Dave and Amos came with us on trips down to Wilson’s Prom. I remember Theo and Amos going to films at the open air cinema, and then driving Dave and I crazy by quoting lines from some film that Dave and I hadn’t seen (it might have been Ferris Bueller’s Day Off). It was on these trips to the Prom that I first remember Dave’s dedication to learning to play the guitar. There were always lots of good things to do at The Prom but whatever the rest of us were up to: going for a swim, having mud fights in Tidal River, playing beach cricket, Dave would take himself off by himself for two hours each day to practice the guitar. I can remember looking at his fingers with the skin on the tips worn through.
So many other stories: going on a trip to Werribee Mansion and hunting for mushrooms; sneaking into the cattle-yards near our house in Kensington to explore them; playing cricket in the park near Marnie’s house in Bastings Street Northcote every Christmas afternoon.
I remember when I was in year seven, and I think Dave was in year eight, we were catching a bus together home from school and there was a group of middle-aged women who would always sort of push all of the kids out of the way so they could get on the bus first. I can remember Dave standing on the steps of a bus and proceeding to give these women a lecture about feminism. The shear outrageousness and audacity of Dave. I was in awe of him.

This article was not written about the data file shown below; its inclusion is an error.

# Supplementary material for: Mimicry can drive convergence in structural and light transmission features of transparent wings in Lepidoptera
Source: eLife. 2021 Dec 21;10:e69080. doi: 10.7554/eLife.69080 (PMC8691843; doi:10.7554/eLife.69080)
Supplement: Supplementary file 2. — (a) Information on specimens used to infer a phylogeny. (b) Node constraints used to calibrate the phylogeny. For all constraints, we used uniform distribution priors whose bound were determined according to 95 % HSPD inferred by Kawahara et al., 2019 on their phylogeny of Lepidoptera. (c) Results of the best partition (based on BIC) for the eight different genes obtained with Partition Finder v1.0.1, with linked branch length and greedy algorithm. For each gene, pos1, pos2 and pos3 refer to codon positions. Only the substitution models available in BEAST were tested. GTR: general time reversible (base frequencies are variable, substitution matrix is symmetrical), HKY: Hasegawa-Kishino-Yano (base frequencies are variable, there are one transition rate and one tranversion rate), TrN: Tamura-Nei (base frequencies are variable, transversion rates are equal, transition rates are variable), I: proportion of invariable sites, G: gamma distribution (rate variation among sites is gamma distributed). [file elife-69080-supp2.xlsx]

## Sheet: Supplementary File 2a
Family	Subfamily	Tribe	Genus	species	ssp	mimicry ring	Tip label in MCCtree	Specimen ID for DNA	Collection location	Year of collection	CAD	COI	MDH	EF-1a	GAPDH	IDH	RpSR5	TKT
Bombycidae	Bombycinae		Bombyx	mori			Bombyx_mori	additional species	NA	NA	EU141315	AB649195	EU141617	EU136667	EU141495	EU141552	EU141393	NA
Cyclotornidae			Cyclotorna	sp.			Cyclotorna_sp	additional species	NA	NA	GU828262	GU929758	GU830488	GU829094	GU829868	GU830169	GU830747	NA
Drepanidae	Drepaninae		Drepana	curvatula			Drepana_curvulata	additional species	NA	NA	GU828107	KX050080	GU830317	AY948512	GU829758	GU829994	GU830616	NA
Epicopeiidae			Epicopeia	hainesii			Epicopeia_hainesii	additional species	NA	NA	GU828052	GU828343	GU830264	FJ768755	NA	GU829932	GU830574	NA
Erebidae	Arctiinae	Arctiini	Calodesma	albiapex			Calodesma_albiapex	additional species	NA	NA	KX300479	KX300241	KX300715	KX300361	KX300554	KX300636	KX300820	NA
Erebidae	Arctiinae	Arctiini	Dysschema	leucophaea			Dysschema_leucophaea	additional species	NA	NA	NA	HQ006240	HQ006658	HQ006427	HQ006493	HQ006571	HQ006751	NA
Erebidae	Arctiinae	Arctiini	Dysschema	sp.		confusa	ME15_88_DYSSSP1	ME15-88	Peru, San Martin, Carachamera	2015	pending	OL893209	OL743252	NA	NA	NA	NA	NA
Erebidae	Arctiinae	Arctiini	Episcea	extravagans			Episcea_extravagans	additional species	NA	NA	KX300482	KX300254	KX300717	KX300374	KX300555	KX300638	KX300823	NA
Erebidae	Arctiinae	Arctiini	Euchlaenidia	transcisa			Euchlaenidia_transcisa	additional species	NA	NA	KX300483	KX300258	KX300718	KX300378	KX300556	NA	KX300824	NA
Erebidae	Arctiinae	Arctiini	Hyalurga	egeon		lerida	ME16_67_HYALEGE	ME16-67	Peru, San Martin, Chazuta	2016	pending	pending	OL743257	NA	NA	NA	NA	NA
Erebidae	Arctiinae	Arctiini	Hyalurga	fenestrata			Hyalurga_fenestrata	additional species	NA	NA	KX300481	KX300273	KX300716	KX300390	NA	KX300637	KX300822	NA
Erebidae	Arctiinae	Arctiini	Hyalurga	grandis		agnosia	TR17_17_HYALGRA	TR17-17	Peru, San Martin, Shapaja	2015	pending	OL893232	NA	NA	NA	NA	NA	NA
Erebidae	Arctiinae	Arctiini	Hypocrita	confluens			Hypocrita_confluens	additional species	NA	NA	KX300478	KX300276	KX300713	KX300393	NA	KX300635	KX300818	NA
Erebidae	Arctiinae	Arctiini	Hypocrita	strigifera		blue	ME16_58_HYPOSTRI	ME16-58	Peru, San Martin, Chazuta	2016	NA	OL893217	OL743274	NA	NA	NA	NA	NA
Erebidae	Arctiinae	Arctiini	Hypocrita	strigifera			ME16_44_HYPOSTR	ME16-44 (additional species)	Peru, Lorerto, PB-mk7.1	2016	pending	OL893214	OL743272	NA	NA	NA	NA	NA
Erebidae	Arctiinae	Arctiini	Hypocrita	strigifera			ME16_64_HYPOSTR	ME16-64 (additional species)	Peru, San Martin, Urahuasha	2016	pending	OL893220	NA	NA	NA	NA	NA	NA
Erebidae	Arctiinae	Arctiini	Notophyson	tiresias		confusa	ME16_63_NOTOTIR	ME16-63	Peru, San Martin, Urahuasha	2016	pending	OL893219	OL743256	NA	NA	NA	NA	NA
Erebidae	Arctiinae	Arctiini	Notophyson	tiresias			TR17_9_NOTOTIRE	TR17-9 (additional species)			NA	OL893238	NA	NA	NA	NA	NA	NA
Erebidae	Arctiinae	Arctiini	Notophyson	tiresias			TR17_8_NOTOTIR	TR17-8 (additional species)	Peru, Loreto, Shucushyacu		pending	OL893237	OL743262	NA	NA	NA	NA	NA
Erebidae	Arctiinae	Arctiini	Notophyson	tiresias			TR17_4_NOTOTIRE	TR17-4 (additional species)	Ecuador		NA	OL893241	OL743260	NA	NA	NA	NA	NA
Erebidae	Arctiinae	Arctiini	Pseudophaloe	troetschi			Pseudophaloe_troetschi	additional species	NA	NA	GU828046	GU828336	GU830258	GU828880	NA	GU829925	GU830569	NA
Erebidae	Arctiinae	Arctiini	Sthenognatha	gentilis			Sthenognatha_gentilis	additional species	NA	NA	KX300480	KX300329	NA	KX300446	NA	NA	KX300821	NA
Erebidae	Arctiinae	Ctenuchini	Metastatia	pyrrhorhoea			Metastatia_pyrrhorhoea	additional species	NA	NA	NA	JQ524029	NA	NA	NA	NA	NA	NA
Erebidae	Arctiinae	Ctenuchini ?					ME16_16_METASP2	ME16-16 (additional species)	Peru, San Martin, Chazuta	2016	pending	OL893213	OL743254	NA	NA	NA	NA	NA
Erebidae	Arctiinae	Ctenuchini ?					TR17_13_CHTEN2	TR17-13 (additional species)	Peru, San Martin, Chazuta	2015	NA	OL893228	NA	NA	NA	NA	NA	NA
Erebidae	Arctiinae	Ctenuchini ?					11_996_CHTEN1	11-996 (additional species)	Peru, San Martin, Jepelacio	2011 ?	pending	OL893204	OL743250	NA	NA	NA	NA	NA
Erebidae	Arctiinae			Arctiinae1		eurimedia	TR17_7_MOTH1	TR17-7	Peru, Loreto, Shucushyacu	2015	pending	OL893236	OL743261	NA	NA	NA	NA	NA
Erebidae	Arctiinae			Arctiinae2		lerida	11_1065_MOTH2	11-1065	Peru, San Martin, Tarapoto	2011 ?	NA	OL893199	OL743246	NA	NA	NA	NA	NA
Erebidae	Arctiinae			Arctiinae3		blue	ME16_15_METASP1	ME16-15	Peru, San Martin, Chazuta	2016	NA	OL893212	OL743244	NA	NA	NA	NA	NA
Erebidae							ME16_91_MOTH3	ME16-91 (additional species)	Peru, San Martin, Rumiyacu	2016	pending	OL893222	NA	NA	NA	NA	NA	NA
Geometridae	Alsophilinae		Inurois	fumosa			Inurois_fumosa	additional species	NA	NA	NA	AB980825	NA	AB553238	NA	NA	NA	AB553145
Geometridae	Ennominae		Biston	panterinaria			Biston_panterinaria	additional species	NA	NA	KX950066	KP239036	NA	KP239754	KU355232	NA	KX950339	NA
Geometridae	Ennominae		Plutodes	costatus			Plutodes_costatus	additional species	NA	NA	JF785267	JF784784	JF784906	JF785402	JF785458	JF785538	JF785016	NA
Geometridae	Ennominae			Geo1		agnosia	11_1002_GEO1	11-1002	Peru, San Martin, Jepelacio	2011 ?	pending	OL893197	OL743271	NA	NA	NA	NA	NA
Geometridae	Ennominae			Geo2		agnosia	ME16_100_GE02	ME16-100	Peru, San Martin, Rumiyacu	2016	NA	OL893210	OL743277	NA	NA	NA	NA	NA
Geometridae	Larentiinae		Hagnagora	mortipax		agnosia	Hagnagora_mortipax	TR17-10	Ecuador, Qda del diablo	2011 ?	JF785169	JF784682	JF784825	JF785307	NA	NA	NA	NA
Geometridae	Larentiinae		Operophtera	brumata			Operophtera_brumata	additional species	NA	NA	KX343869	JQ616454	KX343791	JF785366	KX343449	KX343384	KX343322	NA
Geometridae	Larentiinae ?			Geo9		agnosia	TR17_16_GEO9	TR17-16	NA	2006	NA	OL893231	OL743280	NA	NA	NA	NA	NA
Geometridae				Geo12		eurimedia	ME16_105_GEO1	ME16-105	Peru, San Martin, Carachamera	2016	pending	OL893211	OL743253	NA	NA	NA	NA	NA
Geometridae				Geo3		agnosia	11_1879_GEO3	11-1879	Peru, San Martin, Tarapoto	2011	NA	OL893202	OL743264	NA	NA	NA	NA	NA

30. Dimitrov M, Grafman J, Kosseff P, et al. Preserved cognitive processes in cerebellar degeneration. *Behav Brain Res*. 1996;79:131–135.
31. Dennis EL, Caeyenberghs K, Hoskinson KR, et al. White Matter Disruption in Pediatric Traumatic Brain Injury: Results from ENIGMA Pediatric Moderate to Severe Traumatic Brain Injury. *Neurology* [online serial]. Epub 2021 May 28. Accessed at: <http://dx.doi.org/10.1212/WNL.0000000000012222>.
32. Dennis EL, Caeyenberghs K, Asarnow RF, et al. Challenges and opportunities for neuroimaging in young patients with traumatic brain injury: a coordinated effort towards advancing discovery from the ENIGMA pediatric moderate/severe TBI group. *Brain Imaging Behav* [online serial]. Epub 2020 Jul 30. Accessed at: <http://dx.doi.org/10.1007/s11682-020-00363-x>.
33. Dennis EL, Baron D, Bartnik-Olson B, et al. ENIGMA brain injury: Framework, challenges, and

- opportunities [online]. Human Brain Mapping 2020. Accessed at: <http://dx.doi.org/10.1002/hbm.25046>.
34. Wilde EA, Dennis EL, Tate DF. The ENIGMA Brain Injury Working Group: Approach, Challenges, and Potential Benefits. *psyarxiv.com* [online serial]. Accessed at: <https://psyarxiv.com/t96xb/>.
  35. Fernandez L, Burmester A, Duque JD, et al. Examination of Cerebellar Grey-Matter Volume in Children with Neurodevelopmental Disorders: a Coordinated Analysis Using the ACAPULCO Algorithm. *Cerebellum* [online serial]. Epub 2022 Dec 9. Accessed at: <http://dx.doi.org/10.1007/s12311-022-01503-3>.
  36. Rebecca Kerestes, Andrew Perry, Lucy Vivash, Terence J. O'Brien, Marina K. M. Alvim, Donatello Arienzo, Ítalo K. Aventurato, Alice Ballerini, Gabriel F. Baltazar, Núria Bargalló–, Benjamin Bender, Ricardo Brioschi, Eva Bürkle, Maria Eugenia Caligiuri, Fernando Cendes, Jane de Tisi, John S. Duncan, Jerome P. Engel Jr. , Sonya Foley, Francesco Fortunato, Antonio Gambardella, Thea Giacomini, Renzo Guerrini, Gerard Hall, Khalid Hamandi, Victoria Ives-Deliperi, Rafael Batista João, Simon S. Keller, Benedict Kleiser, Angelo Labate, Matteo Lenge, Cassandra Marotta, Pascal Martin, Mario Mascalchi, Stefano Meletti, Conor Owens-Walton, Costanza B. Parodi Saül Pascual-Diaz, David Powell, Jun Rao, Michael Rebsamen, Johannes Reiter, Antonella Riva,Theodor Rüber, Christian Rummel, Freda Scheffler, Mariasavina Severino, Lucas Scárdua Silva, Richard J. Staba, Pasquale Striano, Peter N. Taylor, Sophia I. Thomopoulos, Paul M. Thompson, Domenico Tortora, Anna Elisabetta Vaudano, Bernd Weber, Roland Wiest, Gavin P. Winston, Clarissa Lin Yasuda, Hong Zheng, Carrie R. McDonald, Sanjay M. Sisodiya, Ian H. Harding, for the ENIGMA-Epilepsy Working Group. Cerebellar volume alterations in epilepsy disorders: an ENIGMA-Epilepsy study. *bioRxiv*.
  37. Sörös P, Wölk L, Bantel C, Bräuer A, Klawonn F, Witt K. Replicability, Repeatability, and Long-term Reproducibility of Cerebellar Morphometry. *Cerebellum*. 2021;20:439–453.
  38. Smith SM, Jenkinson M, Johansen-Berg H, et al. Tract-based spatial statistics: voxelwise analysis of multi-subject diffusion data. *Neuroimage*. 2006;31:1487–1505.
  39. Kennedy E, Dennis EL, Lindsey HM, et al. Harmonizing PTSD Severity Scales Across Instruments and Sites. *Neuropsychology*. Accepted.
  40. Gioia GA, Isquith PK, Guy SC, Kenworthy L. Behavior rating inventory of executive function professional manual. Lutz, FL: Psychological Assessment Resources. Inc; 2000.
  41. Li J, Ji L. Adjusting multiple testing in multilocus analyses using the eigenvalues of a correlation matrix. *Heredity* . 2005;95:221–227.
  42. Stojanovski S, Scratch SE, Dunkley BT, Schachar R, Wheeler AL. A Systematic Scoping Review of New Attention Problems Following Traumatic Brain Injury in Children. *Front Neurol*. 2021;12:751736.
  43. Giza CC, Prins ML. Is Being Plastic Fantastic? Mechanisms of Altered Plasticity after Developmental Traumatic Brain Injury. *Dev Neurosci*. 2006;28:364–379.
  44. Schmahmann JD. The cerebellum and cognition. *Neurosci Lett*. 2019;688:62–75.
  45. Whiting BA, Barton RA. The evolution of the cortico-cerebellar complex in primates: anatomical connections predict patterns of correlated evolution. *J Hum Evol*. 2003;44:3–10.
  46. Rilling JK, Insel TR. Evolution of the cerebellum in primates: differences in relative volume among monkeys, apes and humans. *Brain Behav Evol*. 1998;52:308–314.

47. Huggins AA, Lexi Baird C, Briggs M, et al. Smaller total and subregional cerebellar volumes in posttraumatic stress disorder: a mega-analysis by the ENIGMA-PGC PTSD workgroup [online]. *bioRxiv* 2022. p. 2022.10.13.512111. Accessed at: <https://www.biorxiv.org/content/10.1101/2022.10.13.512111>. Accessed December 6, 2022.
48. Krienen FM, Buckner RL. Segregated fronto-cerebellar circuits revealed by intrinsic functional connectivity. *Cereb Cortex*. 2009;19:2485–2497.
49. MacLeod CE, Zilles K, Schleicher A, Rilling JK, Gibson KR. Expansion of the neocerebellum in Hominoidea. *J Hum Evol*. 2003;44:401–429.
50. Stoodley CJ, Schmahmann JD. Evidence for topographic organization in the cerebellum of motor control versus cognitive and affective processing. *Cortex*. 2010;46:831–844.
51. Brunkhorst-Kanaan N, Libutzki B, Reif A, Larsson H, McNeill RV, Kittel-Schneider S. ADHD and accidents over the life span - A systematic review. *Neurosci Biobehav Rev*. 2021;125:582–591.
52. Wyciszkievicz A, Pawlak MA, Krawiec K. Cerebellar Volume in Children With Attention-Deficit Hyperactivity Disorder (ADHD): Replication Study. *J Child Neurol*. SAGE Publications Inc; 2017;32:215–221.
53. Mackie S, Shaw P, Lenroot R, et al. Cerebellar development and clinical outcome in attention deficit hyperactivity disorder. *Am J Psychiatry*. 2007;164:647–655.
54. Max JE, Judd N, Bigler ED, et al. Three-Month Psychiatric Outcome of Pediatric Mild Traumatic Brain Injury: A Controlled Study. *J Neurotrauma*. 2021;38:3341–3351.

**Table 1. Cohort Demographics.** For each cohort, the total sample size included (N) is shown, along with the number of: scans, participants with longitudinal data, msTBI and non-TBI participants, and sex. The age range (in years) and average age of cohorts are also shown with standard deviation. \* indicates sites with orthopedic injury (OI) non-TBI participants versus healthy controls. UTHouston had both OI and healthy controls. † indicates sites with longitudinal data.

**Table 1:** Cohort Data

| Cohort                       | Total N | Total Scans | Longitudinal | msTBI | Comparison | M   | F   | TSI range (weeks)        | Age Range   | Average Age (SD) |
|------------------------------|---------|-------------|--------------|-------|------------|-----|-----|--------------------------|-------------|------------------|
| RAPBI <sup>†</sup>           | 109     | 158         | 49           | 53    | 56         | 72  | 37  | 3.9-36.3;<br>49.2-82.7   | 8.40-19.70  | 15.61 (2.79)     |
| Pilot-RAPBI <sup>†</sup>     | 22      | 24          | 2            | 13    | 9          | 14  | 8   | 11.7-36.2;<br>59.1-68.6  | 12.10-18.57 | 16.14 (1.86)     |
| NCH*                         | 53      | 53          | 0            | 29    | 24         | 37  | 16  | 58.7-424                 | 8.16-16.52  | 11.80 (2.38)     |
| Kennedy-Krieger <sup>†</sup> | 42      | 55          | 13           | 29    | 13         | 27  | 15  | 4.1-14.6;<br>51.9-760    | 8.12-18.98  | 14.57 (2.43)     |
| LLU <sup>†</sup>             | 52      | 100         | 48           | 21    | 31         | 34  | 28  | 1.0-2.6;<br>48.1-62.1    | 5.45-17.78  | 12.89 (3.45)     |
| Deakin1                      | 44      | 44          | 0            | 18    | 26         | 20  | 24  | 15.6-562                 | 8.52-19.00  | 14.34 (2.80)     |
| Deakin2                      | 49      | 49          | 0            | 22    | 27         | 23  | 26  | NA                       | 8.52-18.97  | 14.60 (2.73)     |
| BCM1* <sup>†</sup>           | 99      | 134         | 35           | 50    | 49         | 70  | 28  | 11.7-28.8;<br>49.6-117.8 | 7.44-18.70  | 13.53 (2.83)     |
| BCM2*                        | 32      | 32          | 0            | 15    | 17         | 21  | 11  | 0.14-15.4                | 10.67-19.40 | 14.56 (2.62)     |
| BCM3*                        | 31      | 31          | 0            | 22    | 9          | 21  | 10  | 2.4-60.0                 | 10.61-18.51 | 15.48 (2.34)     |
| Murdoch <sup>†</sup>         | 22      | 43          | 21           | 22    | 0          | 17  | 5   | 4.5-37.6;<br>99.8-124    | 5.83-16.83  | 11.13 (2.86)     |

As and adult I remember going to see Dave play guitar at the Evelyn Hotel. All of Dave’s music friends seemed impossibly cool to me at the time. I was probably dressed in tracksuit pants and a red Japara rain coat. But after the gig Dave introduced me to his friends and took me back to an after party at a house he was staying at and included me in all their conversations.
When I saw Dave a few weeks ago a Peter Mac he did not look much like his normal self. We talked a bit about his treatment, and how he was feeling, but the conversation kept on slipping into cricketing matters: things he’d only recently got the hang of about how to play off spin bowlers; anecdotes about games he’d played recently with his team. And when he smiled as he talked about cricket he looked exactly like himself.
Dave, I’m going to try my best to live up to your example: tough but full of good humour; full of enthusiasm, and humble, and friendly.
Dave, dear boy, I’m going to miss you. I love you Dave.